What Color Foods to Eat to Help you Sleep 

 September 4, 2019

By  Juli

You can’t fall asleep. You find yourself waking in the middle of the night, tossing and turning. The bathroom calls your name long before it’s time to wake up for the day, and you cannot fall back to sleep. Vivid dreams disturb your sleep or wake you and leave you feeling anxious.

All of these sleep problems, insomnia, wakefulness, trouble falling back to sleep, and vivid dreaming, have their roots in Yin and Yang imbalances in your body. Your internal organs are not functioning properly so Qi and Blood cannot flow smoothly. We explain the major problems occurring in your body in our article A Good Night’s Sleep Using Traditional Chinese Medicine.

In our second article in the series we write about Chinese Super Foods to Help You Sleep. Today we are writing about a super quick, fun way to think about what foods you need to eat beyond Chinese super foods.

What Color Should You Eat in Order to Sleep?

You will see below three of the most common Yin and Yang imbalances that lead to sleep problems and food recommendations for each. Let the food colors recommended serve as your guide and you’ll be adding delicious options to your diet. You can move from sub-optimal health to balance and wellness!

Sleep Problem #1: Difficulty falling asleep

Additional symptoms/factors: Shortness of breath, palpitations, 50 years or older

TCM Imbalance: Heart and Kidney Disharmony; Heart Fire

Black beans are just one example of black and red foods that help treat Heart and Kidney disharmony, and Heart Fire. Try not to eat raw foods, especially if you’re over 50.

Colors of Food to Eat: Red and black foods

Examples: Red and black beans; kidney beans, black sesame seeds, radishes, jujubes (Chinese dates), wolf berry or goji berry

Additional Foods for this Imbalance: Goat cheese, bitter foods, bitter melon, squash

Foods to Avoid: Salty and fatty foods. Raw foods – make sure all fruits and vegetables are cooked, especially if over 50.

Sleep Problem #2: Falling asleep quickly but waking in the night. Vivid dreams that wake you.

Additional symptoms/factors: Problems with digestion, could be loose stools, irregular bowel movements, or constipation; may feel tired after eating or in the afternoon.

TCM Imbalance: Heart and Spleen Deficiency

Eating yellow and orange foods can improve digestion and bring balance between Heart and Spleen. Make sure to cook all foods. Raw food is hard to digest and create more problems.

Color of Food to Eat: Yellow and Orange foods that are sweet in nature

Examples: Carrots, corn, Job’s tears, longan fruit (dragon’s eyes), peaches, pumpkin, sweet potatoes, tofu, yams, yellow squash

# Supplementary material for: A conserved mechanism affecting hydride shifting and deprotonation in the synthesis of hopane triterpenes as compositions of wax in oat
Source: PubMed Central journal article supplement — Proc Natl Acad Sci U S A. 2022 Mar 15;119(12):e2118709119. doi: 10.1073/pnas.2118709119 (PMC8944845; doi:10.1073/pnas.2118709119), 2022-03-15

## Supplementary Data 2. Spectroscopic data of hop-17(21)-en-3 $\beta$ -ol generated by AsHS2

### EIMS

Additional Foods for this Imbalance: Congee (rice soup), jujubes (Chinese dates, even though red), meats (chicken, cow and pig tripe, fish), milk, non-glutinous rice, soup (chicken and fish)

Foods to Avoid: Bitter and sour foods. Raw foods – make sure all fruits and vegetables are cooked, especially if over 50.

Sleep Problem #3: Vivid dreams

Additional symptoms/factors: Dry eyes, floaters in the eyes, numbness of limbs if still for too long, dizziness, faintness after exertion, poor or blurred vision, and your eyes may ache from tiredness.

TCM Imbalance: Heart and Liver Deficiency

A wide variety of leafy greens will treat a Heart and Liver deficiency. Remember to always cook greens before eating them!

Color of Food to Eat: Green and lots of it!!! (Should always be cooked, never raw as in salads)

Examples: Any leafy green, basil, broccoli, Brussel sprouts, celery, Chinese (purple rimmed) spinach, collard and mustard greens, spinach, winter melon, zucchini squash

Additional Foods for this Imbalance: Foods that are bitter and sour in nature, limes

Foods to Avoid: Cheese, chilis (excessively spicy foods), cream, deep fried foods, eggs, ice cream, nuts, raw juices or salads, refined sugars, red meats. Raw foods – make sure all fruits and vegetables are cooked, especially if over 50.

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Dr. Juli Kramer received her Ph.D. in Curriculum and Instruction, with a cognate in Counseling Psychology, has her M.A. in Psychology, and her B.A. in History and Political Science. Most of her professional career has been in education. Motivated by the deteriorating health conditions she sees in the United States, which are in direct contrast to the abundant health she saw while living in Shanghai, China, Juli wants to use her skills as an educator to teach people about the life-saving benefits of Chinese medicine.

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